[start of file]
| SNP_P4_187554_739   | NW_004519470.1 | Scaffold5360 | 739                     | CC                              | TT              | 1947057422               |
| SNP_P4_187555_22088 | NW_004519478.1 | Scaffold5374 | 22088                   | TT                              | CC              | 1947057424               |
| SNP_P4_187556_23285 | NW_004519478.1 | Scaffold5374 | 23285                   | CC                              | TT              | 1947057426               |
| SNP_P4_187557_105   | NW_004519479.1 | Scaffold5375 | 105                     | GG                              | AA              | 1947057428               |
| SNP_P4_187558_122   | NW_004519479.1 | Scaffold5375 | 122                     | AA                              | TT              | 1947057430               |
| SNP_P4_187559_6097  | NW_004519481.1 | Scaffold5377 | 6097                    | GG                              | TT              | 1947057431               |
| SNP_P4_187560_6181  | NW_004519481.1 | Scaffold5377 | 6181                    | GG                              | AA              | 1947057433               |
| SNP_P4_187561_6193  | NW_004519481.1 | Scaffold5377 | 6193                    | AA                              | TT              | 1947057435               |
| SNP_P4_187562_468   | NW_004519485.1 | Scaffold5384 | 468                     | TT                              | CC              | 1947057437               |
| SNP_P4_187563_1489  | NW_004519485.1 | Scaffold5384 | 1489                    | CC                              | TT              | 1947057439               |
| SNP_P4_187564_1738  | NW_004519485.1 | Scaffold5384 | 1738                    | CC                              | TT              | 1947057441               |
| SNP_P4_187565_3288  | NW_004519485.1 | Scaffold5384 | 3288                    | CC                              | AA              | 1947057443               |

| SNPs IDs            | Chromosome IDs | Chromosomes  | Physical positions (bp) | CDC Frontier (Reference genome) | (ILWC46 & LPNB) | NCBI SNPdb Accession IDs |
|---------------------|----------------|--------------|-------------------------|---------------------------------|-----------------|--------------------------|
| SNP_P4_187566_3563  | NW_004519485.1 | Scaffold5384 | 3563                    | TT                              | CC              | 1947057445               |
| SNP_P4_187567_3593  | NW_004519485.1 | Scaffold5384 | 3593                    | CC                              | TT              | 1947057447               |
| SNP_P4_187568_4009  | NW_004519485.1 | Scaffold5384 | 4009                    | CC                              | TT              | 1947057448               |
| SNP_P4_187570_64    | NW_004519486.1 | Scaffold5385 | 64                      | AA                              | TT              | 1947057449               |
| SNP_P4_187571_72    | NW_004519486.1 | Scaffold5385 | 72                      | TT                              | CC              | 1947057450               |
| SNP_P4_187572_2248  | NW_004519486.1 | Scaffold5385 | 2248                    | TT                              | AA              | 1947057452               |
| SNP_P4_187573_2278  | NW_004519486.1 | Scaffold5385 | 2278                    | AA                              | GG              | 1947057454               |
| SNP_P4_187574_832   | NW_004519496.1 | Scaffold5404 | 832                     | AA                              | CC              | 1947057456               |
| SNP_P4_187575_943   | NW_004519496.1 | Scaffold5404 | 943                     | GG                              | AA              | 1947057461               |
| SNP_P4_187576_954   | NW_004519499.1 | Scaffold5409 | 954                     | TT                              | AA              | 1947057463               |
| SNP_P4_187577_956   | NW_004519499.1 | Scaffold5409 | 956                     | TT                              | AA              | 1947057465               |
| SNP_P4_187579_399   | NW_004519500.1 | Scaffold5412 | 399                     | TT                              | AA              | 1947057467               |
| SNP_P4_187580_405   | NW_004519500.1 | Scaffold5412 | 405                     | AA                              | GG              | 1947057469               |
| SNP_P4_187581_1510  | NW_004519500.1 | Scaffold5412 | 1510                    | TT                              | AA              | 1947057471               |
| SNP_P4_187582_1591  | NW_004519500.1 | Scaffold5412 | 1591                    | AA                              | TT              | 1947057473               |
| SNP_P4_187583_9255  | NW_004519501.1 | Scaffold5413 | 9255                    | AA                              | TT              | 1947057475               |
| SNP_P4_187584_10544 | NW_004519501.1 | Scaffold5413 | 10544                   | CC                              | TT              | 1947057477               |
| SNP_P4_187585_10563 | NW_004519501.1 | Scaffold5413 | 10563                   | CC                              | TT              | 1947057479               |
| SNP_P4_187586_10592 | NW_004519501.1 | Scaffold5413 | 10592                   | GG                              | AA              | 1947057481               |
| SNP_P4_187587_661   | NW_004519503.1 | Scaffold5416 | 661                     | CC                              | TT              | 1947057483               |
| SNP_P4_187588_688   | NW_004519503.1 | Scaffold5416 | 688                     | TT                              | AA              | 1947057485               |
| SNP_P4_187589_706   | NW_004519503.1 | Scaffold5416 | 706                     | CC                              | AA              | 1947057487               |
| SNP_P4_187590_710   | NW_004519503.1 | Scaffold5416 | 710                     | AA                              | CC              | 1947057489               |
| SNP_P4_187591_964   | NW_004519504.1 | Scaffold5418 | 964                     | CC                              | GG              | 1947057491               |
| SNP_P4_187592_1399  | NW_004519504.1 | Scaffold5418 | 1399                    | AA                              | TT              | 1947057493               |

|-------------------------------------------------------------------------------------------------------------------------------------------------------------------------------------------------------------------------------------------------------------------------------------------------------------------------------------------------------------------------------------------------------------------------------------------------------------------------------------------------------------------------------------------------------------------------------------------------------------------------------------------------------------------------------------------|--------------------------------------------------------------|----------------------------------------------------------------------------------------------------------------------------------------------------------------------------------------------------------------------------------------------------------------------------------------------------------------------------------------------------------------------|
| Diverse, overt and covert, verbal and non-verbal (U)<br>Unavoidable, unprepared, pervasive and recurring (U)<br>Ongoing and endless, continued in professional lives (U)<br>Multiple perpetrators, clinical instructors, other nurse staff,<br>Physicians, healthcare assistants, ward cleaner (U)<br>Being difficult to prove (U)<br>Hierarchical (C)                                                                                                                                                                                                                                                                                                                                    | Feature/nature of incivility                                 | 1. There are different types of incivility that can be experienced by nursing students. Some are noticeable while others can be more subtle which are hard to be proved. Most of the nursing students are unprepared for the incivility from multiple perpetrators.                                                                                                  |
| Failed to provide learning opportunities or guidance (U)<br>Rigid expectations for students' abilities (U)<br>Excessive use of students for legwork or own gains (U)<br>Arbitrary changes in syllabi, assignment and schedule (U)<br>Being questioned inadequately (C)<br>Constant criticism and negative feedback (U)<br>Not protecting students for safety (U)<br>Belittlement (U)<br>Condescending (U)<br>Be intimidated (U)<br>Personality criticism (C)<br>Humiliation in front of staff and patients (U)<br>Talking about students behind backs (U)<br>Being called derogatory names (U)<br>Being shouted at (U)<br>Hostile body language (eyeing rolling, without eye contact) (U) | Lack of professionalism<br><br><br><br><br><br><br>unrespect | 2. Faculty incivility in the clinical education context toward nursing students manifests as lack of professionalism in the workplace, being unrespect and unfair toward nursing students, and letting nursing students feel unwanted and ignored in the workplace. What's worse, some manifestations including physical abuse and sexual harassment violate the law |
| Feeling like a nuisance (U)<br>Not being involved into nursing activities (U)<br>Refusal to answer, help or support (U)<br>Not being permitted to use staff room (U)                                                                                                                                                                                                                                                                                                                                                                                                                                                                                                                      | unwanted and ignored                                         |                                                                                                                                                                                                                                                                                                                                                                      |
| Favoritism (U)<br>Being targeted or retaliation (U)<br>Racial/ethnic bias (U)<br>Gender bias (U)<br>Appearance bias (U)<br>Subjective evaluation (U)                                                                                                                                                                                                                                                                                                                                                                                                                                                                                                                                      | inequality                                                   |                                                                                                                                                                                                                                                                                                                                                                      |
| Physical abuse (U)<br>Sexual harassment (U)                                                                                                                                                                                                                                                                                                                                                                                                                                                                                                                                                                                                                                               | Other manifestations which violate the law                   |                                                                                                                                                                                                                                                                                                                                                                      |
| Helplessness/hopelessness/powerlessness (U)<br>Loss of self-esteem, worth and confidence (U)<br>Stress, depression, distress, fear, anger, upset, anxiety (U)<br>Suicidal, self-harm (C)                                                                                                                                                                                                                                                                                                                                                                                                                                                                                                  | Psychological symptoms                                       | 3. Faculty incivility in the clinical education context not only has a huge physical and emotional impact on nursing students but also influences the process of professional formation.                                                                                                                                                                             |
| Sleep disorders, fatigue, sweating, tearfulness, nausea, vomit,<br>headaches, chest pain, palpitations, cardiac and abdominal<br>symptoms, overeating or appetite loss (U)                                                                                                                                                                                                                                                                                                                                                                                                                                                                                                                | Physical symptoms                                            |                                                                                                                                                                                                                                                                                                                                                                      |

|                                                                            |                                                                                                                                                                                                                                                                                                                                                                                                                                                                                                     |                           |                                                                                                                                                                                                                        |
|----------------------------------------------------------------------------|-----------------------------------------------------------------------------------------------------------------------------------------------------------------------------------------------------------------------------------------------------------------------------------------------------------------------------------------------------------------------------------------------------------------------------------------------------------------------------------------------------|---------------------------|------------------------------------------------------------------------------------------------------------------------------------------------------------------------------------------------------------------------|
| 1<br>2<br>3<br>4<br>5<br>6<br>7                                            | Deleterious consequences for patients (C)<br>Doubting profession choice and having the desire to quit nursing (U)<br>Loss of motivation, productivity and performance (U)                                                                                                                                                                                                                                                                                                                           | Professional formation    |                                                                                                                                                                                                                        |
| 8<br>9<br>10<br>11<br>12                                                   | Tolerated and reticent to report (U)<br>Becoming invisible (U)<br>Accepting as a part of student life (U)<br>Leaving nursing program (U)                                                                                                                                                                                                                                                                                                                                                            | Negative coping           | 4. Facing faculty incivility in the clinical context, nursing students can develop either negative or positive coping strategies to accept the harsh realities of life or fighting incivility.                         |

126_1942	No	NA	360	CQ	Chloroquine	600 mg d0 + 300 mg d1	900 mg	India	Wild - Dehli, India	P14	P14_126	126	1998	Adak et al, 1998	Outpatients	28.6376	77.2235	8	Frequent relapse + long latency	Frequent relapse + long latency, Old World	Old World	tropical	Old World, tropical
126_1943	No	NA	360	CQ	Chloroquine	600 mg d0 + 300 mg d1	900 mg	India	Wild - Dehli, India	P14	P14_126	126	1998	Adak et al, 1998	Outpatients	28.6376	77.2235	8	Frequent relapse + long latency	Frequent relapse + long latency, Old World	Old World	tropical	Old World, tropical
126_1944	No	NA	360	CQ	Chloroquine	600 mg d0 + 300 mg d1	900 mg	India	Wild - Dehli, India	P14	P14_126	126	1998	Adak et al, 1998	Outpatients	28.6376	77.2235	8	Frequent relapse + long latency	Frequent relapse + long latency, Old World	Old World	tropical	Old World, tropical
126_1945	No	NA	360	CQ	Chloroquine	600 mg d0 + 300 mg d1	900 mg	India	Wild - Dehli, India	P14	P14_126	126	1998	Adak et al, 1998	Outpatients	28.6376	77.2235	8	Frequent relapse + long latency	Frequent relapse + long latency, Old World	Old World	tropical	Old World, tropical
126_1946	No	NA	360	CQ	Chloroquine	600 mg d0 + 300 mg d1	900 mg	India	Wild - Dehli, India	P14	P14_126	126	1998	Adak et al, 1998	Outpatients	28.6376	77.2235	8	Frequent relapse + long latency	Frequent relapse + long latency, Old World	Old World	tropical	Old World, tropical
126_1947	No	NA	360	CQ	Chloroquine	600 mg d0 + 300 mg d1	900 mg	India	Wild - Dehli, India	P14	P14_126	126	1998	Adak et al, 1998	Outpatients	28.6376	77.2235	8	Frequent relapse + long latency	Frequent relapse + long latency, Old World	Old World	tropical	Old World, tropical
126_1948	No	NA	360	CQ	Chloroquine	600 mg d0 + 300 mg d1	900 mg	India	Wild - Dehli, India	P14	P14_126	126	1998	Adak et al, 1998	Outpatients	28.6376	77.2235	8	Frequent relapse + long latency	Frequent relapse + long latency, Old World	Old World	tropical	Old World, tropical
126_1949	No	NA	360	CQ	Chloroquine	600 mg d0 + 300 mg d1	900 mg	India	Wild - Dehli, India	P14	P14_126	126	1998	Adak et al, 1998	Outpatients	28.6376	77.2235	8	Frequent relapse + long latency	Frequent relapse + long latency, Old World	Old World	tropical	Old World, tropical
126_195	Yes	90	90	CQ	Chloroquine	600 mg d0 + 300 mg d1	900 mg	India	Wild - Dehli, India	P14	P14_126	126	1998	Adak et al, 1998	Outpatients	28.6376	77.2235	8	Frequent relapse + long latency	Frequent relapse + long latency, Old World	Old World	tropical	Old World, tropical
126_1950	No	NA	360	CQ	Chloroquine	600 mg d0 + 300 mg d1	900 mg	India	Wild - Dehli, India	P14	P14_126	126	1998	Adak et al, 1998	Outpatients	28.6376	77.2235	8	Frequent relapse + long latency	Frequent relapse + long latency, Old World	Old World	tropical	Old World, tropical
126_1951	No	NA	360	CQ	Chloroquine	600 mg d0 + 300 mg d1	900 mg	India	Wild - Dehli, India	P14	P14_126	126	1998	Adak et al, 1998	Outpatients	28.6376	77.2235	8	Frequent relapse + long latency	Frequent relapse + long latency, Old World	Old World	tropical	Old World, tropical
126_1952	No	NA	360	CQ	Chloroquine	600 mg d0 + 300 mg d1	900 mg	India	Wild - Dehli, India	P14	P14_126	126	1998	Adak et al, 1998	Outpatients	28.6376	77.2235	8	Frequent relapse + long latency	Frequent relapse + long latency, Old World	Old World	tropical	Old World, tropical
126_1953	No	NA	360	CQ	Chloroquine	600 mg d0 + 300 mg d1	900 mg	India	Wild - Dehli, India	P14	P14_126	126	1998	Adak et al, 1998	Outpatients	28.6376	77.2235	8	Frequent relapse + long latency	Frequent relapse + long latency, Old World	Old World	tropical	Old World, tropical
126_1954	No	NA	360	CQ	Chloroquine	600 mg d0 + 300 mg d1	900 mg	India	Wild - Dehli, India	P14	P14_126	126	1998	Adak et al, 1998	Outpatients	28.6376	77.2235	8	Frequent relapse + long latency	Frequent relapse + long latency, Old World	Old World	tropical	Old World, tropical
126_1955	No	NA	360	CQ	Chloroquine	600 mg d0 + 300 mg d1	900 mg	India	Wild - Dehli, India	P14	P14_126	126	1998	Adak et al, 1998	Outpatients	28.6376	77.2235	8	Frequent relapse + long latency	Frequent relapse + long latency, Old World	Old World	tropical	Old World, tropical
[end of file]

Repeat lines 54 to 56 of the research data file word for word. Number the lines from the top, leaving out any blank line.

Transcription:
126_1944	No	NA	360	CQ	Chloroquine	600 mg d0 + 300 mg d1	900 mg	India	Wild - Dehli, India	P14	P14_126	126	1998	Adak et al, 1998	Outpatients	28.6376	77.2235	8	Frequent relapse + long latency	Frequent relapse + long latency, Old World	Old World	tropical	Old World, tropical
126_1945	No	NA	360	CQ	Chloroquine	600 mg d0 + 300 mg d1	900 mg	India	Wild - Dehli, India	P14	P14_126	126	1998	Adak et al, 1998	Outpatients	28.6376	77.2235	8	Frequent relapse + long latency	Frequent relapse + long latency, Old World	Old World	tropical	Old World, tropical
126_1946	No	NA	360	CQ	Chloroquine	600 mg d0 + 300 mg d1	900 mg	India	Wild - Dehli, India	P14	P14_126	126	1998	Adak et al, 1998	Outpatients	28.6376	77.2235	8	Frequent relapse + long latency	Frequent relapse + long latency, Old World	Old World	tropical	Old World, tropical